WeWork, SoftBank Fail to Get Suit Over Stock Deal Dismissed

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WeWork and SoftBank Group Corp. failed to persuade a U.S. judge to throw out a lawsuit filed by some of the startup’s directors over a canceled $3 billion stock purchase.

A Delaware judge on Monday agreed to trim some claims from the suit filed by two independent directors of WeWork parent We Co., but refused to pull the plug on the whole case, saying they’d filed valid complaints over the decision by SoftBank officials to scrap the buyout of WeWork stock.

The ruling resolves a clash between two sets of WeWork directors who took different approaches to dealing with SoftBank, which scuttled an offer to buy stock from employees and other shareholders of New York City based WeWork as part of a bailout effort.

The suing directors -- along with WeWork founder Adam Neumann -- contend in court papers SoftBank and its Vision Fund unit relied on legally faulty pretexts to renege on the share-purchase agreement as the conglomerate’s financial position weakened. A separate group of directors countered the start-up should shy away from taking the Tokyo-based company to court over the collapsed deal.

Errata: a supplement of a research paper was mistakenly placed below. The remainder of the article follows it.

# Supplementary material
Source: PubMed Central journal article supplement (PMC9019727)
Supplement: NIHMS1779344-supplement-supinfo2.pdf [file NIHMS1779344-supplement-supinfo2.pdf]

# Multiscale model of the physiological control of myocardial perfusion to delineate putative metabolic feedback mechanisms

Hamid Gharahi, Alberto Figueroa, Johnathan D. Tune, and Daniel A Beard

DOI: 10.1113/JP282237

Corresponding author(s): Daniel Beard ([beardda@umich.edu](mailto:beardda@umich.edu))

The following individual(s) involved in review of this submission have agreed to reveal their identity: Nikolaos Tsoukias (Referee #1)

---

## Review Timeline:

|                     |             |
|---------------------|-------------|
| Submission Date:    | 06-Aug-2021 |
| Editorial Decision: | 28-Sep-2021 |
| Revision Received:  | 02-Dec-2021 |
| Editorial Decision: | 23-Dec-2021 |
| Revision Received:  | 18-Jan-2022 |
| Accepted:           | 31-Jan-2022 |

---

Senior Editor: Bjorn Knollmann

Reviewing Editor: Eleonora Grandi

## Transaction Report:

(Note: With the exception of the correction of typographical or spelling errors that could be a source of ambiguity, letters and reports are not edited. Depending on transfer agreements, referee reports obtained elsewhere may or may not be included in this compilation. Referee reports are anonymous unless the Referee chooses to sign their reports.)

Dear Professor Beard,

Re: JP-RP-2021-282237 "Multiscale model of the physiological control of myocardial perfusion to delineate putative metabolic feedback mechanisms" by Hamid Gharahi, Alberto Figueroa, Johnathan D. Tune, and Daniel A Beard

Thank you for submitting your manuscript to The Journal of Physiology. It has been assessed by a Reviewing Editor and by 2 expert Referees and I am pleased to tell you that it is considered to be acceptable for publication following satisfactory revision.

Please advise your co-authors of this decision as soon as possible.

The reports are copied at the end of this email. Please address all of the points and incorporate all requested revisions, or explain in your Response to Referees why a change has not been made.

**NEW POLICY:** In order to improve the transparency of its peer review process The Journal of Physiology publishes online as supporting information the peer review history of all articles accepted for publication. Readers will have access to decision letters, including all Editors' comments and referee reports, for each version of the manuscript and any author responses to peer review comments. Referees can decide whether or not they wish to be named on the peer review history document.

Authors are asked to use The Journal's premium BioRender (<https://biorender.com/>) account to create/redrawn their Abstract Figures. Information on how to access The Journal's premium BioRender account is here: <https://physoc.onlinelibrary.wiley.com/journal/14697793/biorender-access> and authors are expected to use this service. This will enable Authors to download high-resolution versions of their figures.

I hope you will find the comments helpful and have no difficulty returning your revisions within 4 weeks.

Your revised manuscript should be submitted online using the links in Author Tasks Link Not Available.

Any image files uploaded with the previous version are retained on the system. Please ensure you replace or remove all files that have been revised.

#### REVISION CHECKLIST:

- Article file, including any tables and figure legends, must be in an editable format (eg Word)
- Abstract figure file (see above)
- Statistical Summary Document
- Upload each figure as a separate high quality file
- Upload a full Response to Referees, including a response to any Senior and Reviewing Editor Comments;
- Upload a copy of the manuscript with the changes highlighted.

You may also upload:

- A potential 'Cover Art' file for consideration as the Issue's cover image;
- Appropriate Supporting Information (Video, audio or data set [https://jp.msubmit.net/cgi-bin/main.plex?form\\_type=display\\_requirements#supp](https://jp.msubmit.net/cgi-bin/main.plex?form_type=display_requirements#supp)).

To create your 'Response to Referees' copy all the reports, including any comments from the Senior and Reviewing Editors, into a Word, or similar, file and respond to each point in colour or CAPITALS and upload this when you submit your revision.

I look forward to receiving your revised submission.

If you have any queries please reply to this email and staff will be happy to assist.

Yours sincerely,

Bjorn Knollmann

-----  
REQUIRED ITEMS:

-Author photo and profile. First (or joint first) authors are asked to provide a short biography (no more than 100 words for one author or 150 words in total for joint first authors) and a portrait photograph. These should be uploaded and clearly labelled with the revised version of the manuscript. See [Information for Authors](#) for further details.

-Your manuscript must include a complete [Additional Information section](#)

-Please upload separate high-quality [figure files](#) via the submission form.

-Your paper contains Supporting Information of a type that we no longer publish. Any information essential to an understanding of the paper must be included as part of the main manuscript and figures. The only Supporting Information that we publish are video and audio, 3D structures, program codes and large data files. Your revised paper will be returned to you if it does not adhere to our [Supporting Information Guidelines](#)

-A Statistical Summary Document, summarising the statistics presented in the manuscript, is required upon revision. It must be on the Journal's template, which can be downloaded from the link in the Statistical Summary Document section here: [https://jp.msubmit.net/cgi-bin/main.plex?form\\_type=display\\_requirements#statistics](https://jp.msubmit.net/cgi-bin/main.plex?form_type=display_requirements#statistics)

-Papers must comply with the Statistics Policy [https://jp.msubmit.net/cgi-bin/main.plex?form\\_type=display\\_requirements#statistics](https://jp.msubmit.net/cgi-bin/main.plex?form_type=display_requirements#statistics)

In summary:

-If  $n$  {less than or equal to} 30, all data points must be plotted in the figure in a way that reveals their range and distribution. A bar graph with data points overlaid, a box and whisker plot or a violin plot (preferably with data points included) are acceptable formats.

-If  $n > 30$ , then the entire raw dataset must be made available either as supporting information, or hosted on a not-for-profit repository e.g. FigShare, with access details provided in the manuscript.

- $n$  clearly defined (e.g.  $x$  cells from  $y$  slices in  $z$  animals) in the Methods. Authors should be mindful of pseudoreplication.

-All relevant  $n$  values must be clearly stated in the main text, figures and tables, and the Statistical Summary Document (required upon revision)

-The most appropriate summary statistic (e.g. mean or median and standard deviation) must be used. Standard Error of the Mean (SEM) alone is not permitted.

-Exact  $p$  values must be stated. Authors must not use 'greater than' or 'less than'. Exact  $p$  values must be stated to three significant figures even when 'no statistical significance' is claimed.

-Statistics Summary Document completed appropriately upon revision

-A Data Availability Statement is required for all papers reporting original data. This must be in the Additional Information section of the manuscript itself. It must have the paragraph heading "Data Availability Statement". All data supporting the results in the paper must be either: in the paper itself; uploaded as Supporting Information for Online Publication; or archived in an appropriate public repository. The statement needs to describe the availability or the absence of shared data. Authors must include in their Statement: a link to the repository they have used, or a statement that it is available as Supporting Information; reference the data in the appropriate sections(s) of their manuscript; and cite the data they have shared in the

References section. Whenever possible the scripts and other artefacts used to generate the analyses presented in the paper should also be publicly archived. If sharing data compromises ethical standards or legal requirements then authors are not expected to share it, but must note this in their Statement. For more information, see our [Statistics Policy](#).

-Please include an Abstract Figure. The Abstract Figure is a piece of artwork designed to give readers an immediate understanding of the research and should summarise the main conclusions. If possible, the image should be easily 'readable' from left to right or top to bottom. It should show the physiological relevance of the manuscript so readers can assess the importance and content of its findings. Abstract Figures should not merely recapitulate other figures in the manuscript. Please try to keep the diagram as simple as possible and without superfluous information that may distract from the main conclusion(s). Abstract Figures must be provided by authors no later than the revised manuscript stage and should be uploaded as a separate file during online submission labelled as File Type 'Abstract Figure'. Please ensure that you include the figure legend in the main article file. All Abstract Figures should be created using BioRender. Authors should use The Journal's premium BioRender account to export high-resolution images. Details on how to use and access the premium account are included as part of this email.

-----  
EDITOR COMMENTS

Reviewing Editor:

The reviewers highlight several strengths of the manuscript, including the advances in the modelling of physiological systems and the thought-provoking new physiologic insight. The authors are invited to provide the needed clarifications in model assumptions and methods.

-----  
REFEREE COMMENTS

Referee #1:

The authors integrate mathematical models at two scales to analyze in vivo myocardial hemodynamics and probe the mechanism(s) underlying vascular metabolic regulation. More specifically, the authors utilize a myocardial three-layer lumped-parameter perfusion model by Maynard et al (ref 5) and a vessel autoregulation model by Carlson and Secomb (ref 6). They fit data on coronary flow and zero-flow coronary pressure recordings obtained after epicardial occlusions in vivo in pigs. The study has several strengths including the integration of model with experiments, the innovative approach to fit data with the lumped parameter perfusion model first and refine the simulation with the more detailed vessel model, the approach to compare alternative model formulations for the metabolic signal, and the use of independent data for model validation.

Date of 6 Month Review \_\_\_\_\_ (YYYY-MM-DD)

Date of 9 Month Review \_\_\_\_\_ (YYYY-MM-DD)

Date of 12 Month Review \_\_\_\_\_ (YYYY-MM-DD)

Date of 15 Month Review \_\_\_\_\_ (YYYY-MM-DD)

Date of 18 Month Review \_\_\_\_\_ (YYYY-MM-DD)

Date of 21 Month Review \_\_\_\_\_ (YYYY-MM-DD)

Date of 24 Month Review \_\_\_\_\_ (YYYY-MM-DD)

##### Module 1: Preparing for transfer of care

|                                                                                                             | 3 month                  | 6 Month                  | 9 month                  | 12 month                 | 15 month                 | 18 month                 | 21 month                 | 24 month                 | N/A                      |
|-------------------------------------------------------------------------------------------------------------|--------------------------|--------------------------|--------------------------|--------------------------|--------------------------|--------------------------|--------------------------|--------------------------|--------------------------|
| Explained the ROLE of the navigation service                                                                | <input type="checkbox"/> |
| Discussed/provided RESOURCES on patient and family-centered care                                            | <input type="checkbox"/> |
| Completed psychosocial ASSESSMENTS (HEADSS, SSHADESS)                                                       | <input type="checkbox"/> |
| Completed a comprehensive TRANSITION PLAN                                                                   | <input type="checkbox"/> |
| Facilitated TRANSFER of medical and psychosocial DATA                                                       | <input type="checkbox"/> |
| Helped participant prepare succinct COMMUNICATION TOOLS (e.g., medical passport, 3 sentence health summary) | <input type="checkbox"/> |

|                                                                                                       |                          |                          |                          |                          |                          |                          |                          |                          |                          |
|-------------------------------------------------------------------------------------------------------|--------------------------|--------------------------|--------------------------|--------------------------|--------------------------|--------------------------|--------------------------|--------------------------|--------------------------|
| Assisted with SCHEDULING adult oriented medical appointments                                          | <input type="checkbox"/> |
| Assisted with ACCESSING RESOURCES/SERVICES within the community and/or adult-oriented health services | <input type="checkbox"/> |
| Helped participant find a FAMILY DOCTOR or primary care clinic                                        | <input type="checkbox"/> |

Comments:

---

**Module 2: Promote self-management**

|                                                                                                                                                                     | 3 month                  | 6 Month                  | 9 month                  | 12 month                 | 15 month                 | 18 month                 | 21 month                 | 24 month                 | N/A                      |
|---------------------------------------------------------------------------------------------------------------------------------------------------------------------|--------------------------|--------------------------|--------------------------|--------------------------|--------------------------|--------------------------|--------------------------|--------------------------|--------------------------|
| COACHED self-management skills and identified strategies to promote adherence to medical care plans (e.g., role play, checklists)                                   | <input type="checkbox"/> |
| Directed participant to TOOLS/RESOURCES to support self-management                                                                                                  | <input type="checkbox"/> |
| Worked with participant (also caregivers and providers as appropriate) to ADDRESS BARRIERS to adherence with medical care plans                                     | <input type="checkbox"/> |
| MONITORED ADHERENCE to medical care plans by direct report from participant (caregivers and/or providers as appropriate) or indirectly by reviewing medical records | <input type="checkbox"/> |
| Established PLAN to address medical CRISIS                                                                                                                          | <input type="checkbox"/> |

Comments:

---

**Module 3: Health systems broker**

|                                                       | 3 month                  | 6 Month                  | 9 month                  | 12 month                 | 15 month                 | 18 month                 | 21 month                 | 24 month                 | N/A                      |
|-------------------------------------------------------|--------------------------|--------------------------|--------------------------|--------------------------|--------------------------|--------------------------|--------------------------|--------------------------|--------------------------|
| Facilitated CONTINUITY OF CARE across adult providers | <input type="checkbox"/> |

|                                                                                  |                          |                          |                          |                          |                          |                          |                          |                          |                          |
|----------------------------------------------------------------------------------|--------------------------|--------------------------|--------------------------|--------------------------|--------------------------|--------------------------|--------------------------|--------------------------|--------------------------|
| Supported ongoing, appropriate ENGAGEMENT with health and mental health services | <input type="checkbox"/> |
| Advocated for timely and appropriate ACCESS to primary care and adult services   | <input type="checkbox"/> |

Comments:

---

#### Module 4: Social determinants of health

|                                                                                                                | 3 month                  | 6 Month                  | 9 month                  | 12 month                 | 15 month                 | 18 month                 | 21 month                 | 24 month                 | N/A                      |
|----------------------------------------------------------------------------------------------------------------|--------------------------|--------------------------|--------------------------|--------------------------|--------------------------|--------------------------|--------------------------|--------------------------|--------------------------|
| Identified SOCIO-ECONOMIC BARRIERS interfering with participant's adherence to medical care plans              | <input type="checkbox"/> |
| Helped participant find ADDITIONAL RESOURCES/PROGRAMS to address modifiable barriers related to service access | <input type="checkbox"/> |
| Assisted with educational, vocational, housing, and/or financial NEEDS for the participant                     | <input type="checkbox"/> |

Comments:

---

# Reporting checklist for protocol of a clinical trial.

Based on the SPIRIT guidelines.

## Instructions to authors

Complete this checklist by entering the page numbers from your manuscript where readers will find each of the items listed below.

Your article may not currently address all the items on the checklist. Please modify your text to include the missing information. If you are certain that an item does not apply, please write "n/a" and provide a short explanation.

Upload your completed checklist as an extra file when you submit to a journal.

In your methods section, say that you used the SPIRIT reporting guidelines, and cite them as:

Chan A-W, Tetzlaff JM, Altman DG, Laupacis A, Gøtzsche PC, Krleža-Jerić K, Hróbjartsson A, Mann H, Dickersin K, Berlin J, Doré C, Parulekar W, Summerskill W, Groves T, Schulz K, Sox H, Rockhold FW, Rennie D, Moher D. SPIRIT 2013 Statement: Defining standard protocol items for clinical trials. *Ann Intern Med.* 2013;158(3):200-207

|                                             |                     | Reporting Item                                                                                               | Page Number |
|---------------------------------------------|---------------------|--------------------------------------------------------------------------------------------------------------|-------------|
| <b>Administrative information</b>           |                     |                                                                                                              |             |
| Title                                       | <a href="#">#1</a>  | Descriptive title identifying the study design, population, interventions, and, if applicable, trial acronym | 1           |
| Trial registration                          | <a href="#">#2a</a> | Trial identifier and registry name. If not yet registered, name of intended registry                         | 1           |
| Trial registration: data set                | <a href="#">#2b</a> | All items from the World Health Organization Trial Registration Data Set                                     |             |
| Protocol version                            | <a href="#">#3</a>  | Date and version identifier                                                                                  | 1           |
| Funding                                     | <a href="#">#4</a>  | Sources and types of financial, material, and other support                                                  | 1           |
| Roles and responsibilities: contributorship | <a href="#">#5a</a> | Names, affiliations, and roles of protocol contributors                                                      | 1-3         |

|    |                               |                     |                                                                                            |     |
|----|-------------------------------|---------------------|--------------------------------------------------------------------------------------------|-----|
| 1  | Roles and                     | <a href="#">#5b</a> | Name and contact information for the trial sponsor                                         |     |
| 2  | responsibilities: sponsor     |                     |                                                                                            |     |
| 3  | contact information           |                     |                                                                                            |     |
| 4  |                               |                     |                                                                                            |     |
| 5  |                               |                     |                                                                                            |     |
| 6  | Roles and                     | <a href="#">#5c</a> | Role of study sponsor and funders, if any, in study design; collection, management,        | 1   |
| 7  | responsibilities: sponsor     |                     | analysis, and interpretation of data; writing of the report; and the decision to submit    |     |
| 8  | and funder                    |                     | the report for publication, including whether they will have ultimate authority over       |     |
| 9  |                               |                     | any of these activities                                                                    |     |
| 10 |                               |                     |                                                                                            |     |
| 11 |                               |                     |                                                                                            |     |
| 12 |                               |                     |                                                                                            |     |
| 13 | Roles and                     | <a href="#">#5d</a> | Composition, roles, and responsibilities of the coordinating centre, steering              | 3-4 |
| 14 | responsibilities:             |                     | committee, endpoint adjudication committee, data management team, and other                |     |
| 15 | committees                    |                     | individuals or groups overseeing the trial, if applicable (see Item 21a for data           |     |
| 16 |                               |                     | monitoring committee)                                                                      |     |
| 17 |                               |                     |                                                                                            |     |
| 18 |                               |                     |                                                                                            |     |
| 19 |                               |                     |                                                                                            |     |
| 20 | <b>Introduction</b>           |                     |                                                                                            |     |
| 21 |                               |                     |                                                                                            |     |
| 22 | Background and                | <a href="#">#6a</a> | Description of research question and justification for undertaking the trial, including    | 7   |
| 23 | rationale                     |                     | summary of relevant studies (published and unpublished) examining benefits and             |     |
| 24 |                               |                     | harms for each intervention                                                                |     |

WeWork declined to comment on Delaware Chancery Court Judge Andre Bouchard’s ruling. SoftBank officials weren’t immediately available Monday.

The deal was part of a rescue package from SoftBank after WeWork’s initial public offering failed last year. Neumann, the controversial face of the business, agreed to leave the board and, in return, would be able to sell as much as $970 million in stock to SoftBank.

Two independent WeWork directors -- acting as special board committee reviewing the deal -- then sued the Japanese conglomerate, arguing in court papers SoftBank’s “buyer’s remorse” didn’t justify pulling out of the agreement. SoftBank fired back accusations that the suit was a needless use of company money.

Second Committee

Other WeWork directors unhappy with their colleagues’ decision to go to court formed a second board committee to evaluate the start-up’s options. It later recommended the suit be dropped because the original committee didn’t have the authority to file it.

Bouchard rejected that argument, saying evidence showed WeWork’s management encouraged the independent directors to file the suit in hopes of forcing SoftBank to consummate the stock purchase. The second committee also misjudged the benefits and harms to WeWork if the directors pressed ahead with the suit, he added.

The judge dismissed claims by the directors that SoftBank had violated fiduciary duties by canceling the purchase, but allowed their contract claims to proceed, according to his 43-page decision.

The case is In RE WeWork Litigation, 2020-0258, Delaware Chancery Court (Wilmington)

©2020 Bloomberg L.P.

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